Thus, in Aikido training we are learning “how” to do Aikido not only physically, but mentally and emotionally regardless of the type of confrontation.  This training begins with taking ownership of one’s actions.  Training gives us options and having options allows us to choose “how” we deal with confrontation.  The path of Aikido dictates that we use our intellect and choose compassion and harmony over aggression and brutality regardless of the situation.  Our belief is that harmony and compassion are the antidotes to the aggression and hostility that seems to plague man today.  We understand that the person attacking us is really attacking themselves and is thus unaware of themselves and because of that we choose not to destroy them.  They are in need of kindness, compassion and forgiveness just as we are when we get worked up and end up making a mistake.  Sometimes we need a gentle reminder to stay the course or as Furuya Sensei used to say, “Always act as if your teacher is watching.”  This aphorism is the platform that reminds us to look deeper into the situation and act accordingly.

Our lives are made up of the decisions that we make.  We chose the path of Aikido and so we must act like Aikidoist and this includes when we think nobody is watching.  Sartre’s quip that, “Man is nothing else but that which he makes of himself” can be thought of as the mantra of Aikido training.  It is our choice to choose to be better and thus our lives are nothing more than what we make it.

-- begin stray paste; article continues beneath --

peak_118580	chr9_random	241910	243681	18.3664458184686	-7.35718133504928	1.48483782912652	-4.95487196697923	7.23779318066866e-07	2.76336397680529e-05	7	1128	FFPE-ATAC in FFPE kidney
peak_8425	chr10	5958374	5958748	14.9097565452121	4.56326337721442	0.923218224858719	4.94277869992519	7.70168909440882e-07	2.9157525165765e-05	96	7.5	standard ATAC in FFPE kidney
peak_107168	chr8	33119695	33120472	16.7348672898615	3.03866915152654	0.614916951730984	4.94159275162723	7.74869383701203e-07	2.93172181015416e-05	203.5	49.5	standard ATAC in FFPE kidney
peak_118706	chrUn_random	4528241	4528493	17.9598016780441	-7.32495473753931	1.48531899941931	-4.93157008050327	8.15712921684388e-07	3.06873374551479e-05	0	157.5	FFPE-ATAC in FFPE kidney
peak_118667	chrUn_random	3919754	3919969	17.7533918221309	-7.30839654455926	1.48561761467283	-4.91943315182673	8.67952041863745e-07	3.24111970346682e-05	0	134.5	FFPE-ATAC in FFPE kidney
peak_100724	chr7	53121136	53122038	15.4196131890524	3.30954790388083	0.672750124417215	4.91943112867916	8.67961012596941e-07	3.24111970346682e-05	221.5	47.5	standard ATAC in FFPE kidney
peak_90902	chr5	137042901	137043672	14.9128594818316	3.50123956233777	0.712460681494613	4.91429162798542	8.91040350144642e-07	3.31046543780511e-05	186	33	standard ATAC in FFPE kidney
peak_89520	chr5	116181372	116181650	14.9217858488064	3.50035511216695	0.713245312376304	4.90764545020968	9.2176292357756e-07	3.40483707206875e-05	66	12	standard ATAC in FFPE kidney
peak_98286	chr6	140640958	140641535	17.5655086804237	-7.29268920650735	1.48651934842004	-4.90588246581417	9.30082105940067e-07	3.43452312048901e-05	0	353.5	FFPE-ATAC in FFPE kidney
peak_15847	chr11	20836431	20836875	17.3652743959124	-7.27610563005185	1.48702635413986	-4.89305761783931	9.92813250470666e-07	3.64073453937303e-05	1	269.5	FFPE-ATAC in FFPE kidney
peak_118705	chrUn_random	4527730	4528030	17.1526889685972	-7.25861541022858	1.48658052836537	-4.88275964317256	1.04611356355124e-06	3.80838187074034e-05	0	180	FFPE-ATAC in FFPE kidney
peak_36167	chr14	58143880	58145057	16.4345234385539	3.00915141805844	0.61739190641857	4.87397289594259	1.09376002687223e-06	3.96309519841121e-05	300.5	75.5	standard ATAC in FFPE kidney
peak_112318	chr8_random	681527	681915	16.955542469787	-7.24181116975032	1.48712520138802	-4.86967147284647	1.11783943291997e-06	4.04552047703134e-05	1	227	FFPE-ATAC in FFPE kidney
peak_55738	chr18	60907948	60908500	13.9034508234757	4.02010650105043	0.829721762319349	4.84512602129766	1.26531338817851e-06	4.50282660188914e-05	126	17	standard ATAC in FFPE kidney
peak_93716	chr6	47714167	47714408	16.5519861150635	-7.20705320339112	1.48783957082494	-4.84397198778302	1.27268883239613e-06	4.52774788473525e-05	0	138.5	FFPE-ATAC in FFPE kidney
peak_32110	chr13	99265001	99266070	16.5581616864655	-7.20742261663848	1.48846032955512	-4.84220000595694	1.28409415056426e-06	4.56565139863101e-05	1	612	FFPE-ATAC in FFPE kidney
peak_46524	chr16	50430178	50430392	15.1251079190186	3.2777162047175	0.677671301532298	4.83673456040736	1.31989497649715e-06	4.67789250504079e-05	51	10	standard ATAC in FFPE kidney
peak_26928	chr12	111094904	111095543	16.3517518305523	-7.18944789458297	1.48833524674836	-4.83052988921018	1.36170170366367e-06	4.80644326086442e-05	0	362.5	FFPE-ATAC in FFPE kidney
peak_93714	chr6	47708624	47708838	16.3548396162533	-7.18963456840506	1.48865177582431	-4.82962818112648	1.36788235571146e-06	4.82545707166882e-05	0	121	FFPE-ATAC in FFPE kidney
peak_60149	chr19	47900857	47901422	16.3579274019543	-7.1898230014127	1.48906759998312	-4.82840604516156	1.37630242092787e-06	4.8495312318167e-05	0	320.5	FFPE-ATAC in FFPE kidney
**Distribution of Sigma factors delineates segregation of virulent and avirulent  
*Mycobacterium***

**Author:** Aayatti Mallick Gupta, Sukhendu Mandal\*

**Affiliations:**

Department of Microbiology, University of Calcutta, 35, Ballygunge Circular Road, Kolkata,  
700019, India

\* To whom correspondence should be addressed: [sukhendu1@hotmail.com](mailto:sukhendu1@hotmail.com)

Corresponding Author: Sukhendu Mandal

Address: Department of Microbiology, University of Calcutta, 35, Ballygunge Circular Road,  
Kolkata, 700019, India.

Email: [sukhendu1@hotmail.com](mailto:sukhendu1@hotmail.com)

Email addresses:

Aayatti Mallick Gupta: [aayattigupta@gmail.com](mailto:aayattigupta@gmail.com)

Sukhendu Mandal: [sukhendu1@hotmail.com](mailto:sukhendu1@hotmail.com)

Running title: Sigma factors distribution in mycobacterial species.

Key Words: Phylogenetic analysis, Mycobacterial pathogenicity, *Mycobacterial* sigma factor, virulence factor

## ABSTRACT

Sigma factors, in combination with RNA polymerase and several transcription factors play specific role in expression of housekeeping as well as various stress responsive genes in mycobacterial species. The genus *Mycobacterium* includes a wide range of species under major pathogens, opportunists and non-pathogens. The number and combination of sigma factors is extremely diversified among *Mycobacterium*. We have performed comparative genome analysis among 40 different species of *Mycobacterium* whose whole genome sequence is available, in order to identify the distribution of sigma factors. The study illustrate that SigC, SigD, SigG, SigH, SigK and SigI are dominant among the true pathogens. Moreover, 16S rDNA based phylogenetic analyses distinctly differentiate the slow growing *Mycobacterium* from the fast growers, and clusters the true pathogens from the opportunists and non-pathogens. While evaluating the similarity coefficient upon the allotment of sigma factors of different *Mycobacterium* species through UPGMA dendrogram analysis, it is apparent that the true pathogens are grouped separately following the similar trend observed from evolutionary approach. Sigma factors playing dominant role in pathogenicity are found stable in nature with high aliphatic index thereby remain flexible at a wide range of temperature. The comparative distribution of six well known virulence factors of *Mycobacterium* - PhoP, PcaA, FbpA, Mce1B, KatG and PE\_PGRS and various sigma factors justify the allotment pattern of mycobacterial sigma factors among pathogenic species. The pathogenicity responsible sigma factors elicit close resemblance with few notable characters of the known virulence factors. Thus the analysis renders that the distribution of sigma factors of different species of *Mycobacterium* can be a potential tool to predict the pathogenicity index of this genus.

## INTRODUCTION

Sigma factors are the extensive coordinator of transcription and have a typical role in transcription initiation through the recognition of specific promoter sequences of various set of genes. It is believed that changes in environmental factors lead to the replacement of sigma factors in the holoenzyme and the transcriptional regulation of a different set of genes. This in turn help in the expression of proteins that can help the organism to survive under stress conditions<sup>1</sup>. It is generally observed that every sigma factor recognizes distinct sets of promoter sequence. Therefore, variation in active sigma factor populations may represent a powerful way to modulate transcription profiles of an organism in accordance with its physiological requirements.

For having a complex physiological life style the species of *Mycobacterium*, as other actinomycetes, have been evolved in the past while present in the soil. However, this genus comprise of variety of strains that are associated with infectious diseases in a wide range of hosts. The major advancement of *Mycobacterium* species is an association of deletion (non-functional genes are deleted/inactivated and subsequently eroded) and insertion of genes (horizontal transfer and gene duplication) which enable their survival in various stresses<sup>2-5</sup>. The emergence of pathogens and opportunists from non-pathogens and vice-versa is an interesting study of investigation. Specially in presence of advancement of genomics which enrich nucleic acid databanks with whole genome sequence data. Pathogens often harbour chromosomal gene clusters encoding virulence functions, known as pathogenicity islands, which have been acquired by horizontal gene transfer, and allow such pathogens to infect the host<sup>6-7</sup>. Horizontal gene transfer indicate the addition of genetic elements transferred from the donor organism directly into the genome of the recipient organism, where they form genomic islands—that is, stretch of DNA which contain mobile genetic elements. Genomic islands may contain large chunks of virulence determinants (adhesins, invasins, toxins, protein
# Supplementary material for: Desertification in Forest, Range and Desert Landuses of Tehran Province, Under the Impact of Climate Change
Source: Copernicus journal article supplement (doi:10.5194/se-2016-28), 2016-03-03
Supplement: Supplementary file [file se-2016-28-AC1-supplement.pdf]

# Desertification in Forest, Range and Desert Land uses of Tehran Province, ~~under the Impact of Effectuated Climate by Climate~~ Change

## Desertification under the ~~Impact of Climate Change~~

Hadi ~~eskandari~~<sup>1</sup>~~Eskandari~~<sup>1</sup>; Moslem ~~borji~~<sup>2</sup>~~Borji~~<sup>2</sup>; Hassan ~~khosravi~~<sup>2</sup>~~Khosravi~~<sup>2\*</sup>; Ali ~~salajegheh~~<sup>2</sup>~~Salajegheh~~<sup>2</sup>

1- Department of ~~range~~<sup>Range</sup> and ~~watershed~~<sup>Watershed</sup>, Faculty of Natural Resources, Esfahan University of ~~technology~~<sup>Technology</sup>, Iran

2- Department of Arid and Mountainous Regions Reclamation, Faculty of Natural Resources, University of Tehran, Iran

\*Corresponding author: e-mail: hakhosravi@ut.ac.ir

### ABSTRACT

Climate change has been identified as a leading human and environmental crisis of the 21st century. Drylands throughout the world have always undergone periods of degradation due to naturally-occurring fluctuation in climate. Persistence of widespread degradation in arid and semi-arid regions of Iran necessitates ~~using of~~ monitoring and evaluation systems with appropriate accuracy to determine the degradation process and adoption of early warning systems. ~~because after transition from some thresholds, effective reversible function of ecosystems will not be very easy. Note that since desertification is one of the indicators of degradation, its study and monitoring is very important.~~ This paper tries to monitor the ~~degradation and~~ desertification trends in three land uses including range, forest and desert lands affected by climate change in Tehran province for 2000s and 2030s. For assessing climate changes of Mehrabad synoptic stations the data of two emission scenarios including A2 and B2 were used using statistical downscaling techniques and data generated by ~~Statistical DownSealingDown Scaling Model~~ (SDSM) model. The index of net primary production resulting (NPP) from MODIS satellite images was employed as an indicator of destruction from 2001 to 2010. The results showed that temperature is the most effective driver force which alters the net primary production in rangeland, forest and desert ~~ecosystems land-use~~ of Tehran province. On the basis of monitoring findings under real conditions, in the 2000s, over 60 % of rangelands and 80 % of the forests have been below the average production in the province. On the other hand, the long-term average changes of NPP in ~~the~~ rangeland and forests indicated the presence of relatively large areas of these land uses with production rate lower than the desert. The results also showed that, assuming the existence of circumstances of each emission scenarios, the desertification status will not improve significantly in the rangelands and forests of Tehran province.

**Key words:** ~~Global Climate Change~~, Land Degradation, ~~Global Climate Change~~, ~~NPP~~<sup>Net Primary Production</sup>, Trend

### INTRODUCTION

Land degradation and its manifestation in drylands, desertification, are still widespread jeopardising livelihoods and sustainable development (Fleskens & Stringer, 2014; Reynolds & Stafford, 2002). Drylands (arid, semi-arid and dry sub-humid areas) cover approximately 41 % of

Happy Thanksgiving

“The true path of the martial arts is that of great love that protects and nurtures all growth and development. Were the path of Aikido anything less than that, it would not be a true martial art. Aikido is not for the purpose of creating winners and losers.

The human body and the universe are one in the same; the universe is the body we inhabit. Aiki can only be understood as the expression of universal movement.  Until you realize this, you will not understand Aikido.”

– Morihei Ueshiba, Founder of Aikido. From Mitsugi Saotome’s book A Light on Transmission. 

Being able to give thanks is the first step of compassion. Thank you for all you do or have done for me. I wish you a Happy Thanksgiving.

What do you say?